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25 Mar 2024

The crucial steps to create a carer’s policy

When it comes to recognising and supporting unpaid carers in the workplace, the tide is turning

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On 6 April, the UK Carer’s Leave Act comes into force and carers will be entitled to a week’s unpaid carer’s leave per year. 

Furthermore there is increasing political support for caring becoming the 10th protected characteristic, which would provide direct protection under equalities law.

The Carer’s Leave Act gives an opportunity for companies to consider their broader approach to supporting carers, particularly as more people will request the time off. 

The realities of being a working carer:

  • It takes an average of two years for someone to realise that they are a carer 
  • Around 25% of your workforce  will have caring responsibilities, whether you (or they) know it
  • In the UK, 75% of working carers worry about juggling work and care, and 600 leave their jobs each day as a result 
  • Women are 50% more likely to be carers , and also tend to provide significant levels of care (20h a week or more) 

Putting a policy together

It is important to have processes in place to manage the new carer’s leave entitlement, but an overall policy for carers enables the organisation to be clear about how to provide support and the benefits available. 

Having a policy gives supervisors and managers clarity on what steps to take, so each time a colleague comes forward with their caring role and any associated challenges, they can expect consistent support. 

1. Look at your policies

Do they tell you how to support colleagues in different circumstances, such as when they are sick, or bereaved, when they have children or take a holiday? Compare what you offer in terms of payment or time off with their statutory entitlements.

2. Determine your available resources

It is important to consider the cost and time implications of any new approaches, and to be realistic about what can be committed to. 

Have conversations at the highest possible level to ensure the organisation’s commitment to supporting carers is understood and can be reinforced by leadership.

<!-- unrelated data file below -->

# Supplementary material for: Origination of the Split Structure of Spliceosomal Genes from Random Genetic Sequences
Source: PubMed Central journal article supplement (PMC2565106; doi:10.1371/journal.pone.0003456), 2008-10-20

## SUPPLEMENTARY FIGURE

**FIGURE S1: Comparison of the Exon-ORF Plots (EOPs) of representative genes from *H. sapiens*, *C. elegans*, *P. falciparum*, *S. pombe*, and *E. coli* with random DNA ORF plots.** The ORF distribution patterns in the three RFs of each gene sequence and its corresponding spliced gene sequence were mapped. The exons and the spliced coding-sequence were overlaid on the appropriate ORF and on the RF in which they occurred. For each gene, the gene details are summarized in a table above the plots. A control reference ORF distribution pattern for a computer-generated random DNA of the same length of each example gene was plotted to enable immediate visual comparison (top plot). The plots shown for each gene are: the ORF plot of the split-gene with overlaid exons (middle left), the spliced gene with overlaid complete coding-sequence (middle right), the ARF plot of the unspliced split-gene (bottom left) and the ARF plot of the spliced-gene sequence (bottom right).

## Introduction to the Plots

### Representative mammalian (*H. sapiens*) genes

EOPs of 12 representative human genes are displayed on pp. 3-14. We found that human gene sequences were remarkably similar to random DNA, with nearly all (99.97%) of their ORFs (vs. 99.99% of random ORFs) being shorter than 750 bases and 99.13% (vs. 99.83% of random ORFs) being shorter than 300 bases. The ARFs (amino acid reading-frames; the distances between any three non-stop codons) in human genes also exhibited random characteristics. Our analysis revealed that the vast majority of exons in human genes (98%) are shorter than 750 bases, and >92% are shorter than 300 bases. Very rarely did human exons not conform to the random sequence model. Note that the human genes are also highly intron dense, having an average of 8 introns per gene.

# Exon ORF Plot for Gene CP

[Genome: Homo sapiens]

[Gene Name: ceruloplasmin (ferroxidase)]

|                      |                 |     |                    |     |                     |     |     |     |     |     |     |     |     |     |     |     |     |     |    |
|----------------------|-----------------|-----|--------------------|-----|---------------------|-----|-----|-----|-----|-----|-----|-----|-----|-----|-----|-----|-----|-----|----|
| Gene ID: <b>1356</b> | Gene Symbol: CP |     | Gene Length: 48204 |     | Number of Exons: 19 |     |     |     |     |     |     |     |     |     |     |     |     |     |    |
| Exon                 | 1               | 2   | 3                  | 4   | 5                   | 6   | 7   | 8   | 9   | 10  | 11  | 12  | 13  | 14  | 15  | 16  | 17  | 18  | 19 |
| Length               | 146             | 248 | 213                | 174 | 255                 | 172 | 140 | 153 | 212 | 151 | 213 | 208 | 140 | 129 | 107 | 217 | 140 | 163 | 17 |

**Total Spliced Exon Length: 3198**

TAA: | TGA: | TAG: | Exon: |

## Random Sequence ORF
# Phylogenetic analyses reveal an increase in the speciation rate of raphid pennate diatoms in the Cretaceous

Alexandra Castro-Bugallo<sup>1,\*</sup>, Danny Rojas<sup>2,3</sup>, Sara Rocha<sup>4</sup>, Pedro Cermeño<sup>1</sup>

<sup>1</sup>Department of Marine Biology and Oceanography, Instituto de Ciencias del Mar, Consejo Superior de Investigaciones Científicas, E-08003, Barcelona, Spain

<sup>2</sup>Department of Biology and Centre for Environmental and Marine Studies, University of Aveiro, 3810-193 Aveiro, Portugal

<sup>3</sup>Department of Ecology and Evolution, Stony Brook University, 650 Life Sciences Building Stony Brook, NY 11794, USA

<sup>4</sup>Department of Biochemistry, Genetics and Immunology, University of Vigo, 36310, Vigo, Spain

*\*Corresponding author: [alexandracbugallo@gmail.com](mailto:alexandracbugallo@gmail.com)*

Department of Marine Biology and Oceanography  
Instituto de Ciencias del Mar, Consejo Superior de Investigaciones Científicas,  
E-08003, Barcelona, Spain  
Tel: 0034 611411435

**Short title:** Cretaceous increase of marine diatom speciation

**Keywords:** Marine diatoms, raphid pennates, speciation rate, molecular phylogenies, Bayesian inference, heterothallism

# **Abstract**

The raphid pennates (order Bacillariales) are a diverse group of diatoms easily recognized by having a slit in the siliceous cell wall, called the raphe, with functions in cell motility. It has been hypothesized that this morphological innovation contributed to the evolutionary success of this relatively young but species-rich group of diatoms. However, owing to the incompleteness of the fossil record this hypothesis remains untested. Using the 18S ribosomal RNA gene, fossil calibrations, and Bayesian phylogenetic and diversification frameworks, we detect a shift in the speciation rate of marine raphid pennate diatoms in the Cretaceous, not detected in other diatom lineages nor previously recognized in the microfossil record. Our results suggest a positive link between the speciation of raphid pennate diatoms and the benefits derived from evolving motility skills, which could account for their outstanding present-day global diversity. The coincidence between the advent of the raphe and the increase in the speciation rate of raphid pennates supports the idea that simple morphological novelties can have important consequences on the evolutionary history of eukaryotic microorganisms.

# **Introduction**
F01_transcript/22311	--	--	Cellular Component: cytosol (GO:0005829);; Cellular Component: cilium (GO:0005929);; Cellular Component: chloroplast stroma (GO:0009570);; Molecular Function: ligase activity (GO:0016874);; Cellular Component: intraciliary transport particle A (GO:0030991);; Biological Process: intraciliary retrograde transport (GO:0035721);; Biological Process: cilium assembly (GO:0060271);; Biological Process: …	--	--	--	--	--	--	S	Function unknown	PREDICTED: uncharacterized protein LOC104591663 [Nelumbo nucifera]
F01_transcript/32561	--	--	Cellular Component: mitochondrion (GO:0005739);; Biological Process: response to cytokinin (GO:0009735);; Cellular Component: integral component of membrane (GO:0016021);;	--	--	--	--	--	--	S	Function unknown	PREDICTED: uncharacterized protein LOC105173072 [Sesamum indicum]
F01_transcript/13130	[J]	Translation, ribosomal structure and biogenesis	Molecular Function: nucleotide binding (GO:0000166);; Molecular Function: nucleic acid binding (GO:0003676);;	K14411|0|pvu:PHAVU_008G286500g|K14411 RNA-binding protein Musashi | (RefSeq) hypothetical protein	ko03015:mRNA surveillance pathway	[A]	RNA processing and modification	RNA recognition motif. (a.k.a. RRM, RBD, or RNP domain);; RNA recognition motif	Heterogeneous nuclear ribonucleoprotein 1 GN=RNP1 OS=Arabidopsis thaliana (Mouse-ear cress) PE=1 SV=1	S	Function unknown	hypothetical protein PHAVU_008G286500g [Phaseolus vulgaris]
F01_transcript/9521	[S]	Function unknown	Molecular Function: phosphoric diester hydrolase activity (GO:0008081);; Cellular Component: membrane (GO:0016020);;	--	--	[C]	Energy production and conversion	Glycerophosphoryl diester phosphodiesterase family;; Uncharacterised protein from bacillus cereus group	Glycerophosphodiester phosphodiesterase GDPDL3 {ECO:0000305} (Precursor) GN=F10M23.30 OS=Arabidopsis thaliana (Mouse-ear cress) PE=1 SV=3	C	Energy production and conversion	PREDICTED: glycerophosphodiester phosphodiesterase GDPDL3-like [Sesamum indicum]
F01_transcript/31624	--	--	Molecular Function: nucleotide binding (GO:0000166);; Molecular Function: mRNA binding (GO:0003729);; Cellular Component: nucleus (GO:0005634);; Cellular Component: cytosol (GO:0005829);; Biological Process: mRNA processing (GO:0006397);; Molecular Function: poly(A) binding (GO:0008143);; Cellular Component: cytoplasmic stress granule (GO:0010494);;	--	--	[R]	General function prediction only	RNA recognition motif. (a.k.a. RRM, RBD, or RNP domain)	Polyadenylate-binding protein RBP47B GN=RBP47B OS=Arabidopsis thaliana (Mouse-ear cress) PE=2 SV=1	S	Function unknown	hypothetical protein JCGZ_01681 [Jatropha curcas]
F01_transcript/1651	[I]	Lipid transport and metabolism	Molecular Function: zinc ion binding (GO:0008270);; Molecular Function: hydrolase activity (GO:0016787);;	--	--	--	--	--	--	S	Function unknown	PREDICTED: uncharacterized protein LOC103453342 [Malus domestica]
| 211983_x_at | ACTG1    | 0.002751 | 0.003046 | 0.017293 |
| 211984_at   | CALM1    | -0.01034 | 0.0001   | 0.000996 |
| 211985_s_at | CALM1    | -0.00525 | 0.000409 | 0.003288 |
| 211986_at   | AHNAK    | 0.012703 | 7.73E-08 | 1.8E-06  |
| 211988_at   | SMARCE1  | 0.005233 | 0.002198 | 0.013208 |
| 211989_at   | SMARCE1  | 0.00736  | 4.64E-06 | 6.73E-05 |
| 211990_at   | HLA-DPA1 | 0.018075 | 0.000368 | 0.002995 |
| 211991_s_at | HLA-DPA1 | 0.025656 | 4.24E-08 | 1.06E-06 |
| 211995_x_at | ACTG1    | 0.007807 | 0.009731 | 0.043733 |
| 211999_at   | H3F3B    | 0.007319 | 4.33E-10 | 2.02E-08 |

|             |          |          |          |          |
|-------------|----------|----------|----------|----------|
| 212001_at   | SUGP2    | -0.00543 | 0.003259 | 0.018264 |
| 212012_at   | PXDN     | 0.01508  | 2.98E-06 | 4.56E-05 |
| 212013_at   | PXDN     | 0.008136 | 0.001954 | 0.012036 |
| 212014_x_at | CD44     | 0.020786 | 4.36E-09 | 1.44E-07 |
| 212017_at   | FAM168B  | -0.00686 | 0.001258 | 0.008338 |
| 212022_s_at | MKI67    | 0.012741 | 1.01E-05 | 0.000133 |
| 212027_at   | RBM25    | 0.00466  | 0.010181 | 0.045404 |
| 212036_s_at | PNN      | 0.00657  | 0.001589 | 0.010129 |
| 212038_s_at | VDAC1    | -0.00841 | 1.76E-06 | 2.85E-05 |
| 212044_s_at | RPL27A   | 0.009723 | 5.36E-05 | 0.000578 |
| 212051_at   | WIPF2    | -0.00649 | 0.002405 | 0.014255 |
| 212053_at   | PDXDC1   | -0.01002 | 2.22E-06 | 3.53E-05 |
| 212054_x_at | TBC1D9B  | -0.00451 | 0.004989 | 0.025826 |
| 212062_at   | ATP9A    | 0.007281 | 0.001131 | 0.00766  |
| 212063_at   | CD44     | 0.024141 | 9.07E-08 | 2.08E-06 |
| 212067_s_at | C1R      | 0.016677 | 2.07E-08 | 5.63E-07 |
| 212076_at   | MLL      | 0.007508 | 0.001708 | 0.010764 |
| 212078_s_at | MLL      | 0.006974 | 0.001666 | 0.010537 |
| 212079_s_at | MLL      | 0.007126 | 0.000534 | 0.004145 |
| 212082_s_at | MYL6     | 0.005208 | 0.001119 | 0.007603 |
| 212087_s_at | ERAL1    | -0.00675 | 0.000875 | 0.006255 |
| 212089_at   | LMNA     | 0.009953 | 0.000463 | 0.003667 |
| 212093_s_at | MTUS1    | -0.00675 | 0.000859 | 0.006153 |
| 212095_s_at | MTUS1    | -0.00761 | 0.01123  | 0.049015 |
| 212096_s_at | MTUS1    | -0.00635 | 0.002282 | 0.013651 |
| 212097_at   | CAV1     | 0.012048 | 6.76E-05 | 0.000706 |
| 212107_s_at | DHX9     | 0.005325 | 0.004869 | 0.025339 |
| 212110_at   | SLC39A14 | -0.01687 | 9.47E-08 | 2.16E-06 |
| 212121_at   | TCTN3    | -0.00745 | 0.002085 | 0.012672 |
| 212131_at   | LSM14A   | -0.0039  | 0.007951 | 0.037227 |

3. Consider non-financial support

In line with good practice in diversity, equity and inclusion, facilitating carers networking can help foster peer support and guide the organisation’s progress in this area. 

Similarly, mentoring and career coaching can engender valuable personal development for those balancing work and care. Finally, flexible working can allow carers to attend to all the priorities in their lives and help avoid burnout.

4. Think about how a diverse team might feel about their benefits

A team of 12 people may have three carers, several parents, a disabled person, and some with agreed flexible working arrangements. 

Consider how they might feel about the benefits each other have access to, and whether they all feel similarly supported and invested in. 

For example, a situation where a parent is given generous paid time off to welcome a new child could feel unfair to a carer who has one week of unpaid carer’s leave, or to somebody with a persistent illness who receives statutory sick pay.

5. Consider including carers in your employee benefits

There are a range of carer-specific products available for inclusion in your packages of support to employees, all with different types of support and price points. 

Consider the prevalence of caring and the likelihood that new carers will now come forward to request leave, and what you will be able to point them to when they do. Make sure employee benefits are carer-friendly when you renew.

6. Carer’s Leave Act compliance

Central to your policy will be compliance with the Act, and there are specific points you will need to address:

  • Facilitating a minimum of five days unpaid leave (could also be more than five days or paid)
  • In line with other employment law, employees should give notice double the length of the leave being requested
  • Employers need to ensure that asserting this right doesn’t lead to discrimination. This can be achieved in a number of ways, including:
    • Not recording carer’s leave taken on a permanent record
    • Ensuring carer’s leave is not taken into consideration in performance reviews and internal recruitment
    • Adjusting any productivity targets for the year to allow for carer’s leave taken

7. What your new Carers Policy should include:

  • Definition of a carer
  • Carer’s leave
  • Flexible working
  • Additional support, such as networking, mentoring/coaching and employee benefits offer (general/carer-specific)
  • External support, including local and national charities
  • Processes/forms for participation in carer’s leave and other activities

8. Train supervisors and managers

Ensure that everyone who might help identify and support a carer, or who might be approached to, knows about the policy and is confident communicating it. Depending on your workplace, this could be an intranet resource, a lunch and learn session, or an e-learning module.

9. Communicate it

Taking this important step in recognising and supporting carers is something to be proud of. Ensure your workforce knows about the work you are doing, refer to it in recruitment materials and on your website, and alert your sector and HR press to your efforts to value and empower carers.

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Yurtle is an insurance-based employee wellness benefit helping companies to combat caregiver burnout (and the associated productivity and employee turnover losses) in the workplace.

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